II. Discussion: Mootness
Article III, Section 2 of the United States Constitution establishes the scope of federal court jurisdiction, which includes "all Cases ... arising under this Constitution ... [and] Controversies to which the United States shall be a Party...." The Supreme Court has concluded that "[t]he Constitution's case-or-controversy limitation on federal judicial authority ... underpins ... our mootness jurisprudence...." Friends of the Earth, Inc. v. Laidlaw Envtl. Servs. (TOC), Inc., 528 U.S. 167, 180, 120 S.Ct. 693, 145 L.Ed.2d 610 (2000). Mootness is jurisdictional. See Cole v. Oroville Union High Sch. Dist., 228 F.3d 1092, 1098 (9th Cir.2000). "This means that, throughout the litigation, the plaintiff `must have suffered, or be threatened with, an actual injury traceable to the defendant and likely to be redressed by a favorable judicial decision.'" Spencer v. Kemna, 523 U.S. 1, 7, 118 S.Ct. 978, 140 L.Ed.2d 43 (1998) (quoting Lewis v. Continental Bank Corp., 494 U.S. 472, 477, 110 S.Ct. 1249, 108 L.Ed.2d 400 (1990)).
Burnett argues that his actual injury traceable to the State of Oregon is the Board's allegedly unconstitutional deferral of his parole release date by three years and eight months. Because of the specific circumstances of this case — namely Burnett's release on parole and his subsequent reimprisonment for a parole violation — our ability to redress Burnett's alleged injury with a favorable judicial decision is limited by the nature of habeas corpus relief. Our analysis is specifically limited to the sort of equitable relief we may grant in response to a habeas petition, the only type of relief Burnett seeks. We do not decide whether Burnett has other remedies for the three-year, eight-month period of allegedly illegal imprisonment.4
"[T]he essence of habeas corpus is an attack by a person in custody upon the legality of that custody, and ... the traditional function of the writ is to secure release from illegal custody." Preiser v. Rodriguez, 411 U.S. 475, 484, 93 S.Ct. 1827, 36 L.Ed.2d 439 (1973). Federal courts have a fair amount of flexibility in fashioning specific habeas relief. "A federal court is vested with the largest power to control and direct the form of judgment to be entered in cases brought up before it on habeas corpus. The court is free to fashion the remedy as law and justice require and is not required to order petitioner's immediate release from physical custody." Sanders v. Ratelle, 21 F.3d 1446, 1461 (9th Cir.1994) (internal quotation marks and citations omitted).
Burnett urges us to use our equitable power to fashion habeas relief to accelerate his current projected release date of October 5, 2013 by three years and eight months — the length of time he claims he was held in illegal custody. But Burnett does not allege he is currently being held in illegal custody. Indeed, he challenges neither the legality of his original conviction and sentence nor the legality of his reimprisonment after Oregon authorities judged him to be in violation of his parole conditions. Burnett also does not allege that he suffers from any collateral consequences as a result of the deferral of his parole release date. See Spencer, 523 U.S. at 7, 118 S.Ct. 978.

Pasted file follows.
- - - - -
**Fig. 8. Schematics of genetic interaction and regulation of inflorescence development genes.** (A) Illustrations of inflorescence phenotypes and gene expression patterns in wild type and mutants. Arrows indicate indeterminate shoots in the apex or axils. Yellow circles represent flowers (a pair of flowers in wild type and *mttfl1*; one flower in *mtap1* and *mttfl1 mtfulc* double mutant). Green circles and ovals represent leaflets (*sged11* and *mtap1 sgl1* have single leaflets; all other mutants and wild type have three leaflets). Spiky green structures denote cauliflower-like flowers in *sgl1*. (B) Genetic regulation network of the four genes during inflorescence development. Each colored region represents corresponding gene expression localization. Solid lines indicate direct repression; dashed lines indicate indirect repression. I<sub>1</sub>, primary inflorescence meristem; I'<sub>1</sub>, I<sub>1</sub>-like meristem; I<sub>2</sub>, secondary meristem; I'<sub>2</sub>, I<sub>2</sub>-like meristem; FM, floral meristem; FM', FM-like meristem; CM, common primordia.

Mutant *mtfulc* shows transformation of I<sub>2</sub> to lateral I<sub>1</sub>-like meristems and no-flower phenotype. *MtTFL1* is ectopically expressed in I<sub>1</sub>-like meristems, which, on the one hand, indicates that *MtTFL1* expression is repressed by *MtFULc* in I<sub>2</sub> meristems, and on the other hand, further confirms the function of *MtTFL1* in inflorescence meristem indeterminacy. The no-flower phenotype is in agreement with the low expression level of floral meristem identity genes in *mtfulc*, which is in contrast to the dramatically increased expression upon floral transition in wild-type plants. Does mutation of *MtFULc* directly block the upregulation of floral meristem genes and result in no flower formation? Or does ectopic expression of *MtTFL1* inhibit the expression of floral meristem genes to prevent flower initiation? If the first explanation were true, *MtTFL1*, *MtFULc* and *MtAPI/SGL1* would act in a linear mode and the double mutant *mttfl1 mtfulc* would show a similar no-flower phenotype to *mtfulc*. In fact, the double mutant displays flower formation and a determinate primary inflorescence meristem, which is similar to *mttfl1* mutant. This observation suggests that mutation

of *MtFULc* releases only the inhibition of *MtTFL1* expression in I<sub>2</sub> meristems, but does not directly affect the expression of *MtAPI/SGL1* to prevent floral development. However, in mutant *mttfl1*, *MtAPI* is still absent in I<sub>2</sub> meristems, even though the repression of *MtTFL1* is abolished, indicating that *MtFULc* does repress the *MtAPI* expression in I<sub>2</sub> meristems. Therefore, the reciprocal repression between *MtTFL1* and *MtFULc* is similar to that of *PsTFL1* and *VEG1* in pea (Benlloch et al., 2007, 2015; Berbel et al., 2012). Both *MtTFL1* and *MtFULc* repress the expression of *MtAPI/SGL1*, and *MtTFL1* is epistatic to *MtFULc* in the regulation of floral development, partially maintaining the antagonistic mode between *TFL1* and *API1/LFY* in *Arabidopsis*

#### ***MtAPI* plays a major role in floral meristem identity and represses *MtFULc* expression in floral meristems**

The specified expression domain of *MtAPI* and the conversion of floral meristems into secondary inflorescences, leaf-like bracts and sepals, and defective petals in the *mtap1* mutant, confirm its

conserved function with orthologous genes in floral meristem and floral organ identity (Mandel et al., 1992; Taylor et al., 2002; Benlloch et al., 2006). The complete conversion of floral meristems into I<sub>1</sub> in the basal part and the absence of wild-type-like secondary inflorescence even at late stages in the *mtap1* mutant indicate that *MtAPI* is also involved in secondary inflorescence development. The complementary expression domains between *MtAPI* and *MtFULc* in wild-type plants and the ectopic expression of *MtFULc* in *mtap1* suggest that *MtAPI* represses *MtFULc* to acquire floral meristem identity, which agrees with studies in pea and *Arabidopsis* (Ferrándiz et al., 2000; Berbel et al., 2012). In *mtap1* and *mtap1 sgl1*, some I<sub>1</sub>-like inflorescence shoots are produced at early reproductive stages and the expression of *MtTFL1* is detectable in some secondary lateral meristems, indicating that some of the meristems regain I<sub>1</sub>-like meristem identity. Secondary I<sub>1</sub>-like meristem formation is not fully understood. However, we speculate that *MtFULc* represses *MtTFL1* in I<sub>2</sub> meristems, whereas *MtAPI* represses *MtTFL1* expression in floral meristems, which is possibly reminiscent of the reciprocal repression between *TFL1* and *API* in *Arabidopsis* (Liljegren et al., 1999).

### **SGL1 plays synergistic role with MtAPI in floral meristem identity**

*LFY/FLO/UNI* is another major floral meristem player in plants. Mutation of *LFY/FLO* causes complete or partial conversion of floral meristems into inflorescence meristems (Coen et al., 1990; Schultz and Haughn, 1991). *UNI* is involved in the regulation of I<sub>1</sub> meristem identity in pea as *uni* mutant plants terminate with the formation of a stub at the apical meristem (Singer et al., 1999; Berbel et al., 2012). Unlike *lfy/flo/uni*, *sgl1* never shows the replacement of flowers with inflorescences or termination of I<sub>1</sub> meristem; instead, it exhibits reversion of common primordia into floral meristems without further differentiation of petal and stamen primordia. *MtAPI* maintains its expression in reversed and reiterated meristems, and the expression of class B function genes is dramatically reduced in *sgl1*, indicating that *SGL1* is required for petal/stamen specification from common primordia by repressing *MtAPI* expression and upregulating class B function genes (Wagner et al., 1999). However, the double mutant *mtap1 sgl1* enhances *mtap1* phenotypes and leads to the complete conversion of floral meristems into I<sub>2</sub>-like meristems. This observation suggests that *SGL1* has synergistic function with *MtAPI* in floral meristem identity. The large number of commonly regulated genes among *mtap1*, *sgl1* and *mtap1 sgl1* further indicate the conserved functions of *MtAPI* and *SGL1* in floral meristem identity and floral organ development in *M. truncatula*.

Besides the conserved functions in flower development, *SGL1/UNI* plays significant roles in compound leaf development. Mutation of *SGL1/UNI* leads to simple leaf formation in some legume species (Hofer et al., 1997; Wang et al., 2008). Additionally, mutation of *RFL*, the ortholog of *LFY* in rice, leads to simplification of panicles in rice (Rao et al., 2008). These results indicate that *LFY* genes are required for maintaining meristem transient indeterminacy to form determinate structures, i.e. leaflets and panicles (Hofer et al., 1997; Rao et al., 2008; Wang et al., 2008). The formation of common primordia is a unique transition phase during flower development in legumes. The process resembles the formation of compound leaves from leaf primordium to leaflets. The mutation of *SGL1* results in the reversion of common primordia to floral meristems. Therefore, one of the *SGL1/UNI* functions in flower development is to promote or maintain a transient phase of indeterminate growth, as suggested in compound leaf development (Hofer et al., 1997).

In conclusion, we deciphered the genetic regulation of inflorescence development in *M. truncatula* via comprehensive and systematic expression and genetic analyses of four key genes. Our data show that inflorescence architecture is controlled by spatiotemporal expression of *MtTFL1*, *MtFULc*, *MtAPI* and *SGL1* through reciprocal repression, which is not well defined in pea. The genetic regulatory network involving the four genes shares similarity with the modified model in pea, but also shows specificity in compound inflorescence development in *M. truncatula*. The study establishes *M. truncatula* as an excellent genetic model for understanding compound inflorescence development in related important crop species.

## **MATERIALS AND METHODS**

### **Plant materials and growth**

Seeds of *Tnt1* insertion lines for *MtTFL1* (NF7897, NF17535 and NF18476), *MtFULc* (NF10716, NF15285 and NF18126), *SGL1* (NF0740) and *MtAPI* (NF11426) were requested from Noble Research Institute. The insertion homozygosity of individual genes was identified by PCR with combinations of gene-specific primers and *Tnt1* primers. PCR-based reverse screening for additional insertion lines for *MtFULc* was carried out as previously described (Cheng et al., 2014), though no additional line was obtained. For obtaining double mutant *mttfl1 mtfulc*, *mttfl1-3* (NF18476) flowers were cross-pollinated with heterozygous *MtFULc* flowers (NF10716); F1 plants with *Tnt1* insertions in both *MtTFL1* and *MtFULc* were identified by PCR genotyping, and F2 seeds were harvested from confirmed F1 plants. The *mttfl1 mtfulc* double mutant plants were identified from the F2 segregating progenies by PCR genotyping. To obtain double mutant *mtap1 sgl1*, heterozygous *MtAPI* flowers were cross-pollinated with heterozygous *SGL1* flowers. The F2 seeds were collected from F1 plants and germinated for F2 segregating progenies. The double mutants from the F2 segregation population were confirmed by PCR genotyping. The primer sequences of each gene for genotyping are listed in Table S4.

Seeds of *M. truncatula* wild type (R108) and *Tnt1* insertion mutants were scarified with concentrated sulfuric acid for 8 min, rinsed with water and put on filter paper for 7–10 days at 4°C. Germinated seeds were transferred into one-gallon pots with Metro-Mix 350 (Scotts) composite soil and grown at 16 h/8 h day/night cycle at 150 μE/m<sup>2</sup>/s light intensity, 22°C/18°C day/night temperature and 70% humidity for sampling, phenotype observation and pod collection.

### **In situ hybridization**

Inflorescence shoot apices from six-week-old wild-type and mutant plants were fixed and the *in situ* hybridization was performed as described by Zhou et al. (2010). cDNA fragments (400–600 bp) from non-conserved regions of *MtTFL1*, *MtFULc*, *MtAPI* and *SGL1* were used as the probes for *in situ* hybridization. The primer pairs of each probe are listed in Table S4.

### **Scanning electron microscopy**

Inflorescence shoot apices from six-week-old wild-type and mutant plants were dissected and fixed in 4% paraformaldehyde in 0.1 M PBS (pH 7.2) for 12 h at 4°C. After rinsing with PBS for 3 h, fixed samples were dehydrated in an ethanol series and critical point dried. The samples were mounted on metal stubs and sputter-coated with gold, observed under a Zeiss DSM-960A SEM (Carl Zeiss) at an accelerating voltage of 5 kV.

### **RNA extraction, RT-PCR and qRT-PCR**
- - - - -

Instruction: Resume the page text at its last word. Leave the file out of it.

Although both the three-year, eight-month period of incarceration Burnett is challenging and his current 127-month period of incarceration following his parole violation ultimately stem from the same conviction for rape and robbery, the two periods of time are not fungible. The immediate reason Burnett finds himself in Oregon state custody is not because his parole release date was delayed, but because he violated the terms of his parole after he was released.
Burnett urges us to follow McQuillion v. Duncan, 342 F.3d 1012 (9th Cir.2003) ("McQuillion II"), and advance his currently scheduled parole release date by three years and eight months, thereby remedying his alleged injury-in-fact. But McQuillion II's logic does not apply here because McQuillion had not been released on parole when this court considered his habeas petition, whereas Burnett has been released and reimprisoned for a parole violation. We would have been essentially lengthening McQuillion's sentence if we had ruled that he was required to serve a term of parole after his release from prison. By the time the McQuillion II court heard the case, McQuillion had already served more time in prison than his lawful period of imprisonment and parole combined. Id. at 1015.5 In contrast, although Burnett has not yet served the entirety of his sentence, he is asking us to shorten the length of time he is to spend in prison. For us to accelerate Burnett's current parole release date by three years and eight months as he suggests, we would necessarily have to question either the validity of his original sentence (or a portion of it) or his reimprisonment following his parole violation — two issues that are not before us.6
The "actual injury traceable to the [State of Oregon]" for which Burnett seeks relief cannot be "redressed by a favorable ... decision" of the court issuing a writ of habeas corpus. Spencer, 523 U.S. at 7, 118 S.Ct. 978. We hold that Burnett's release on parole and subsequent reimprisonment render his habeas corpus petition moot. We do not reach the merits of his petition.7
The Oregon Court of Appeals provided the following illustration of the extent of the Board's discretion in determining the length of time an inmate actually spends behind bars under the indeterminate "matrix" sentencing system: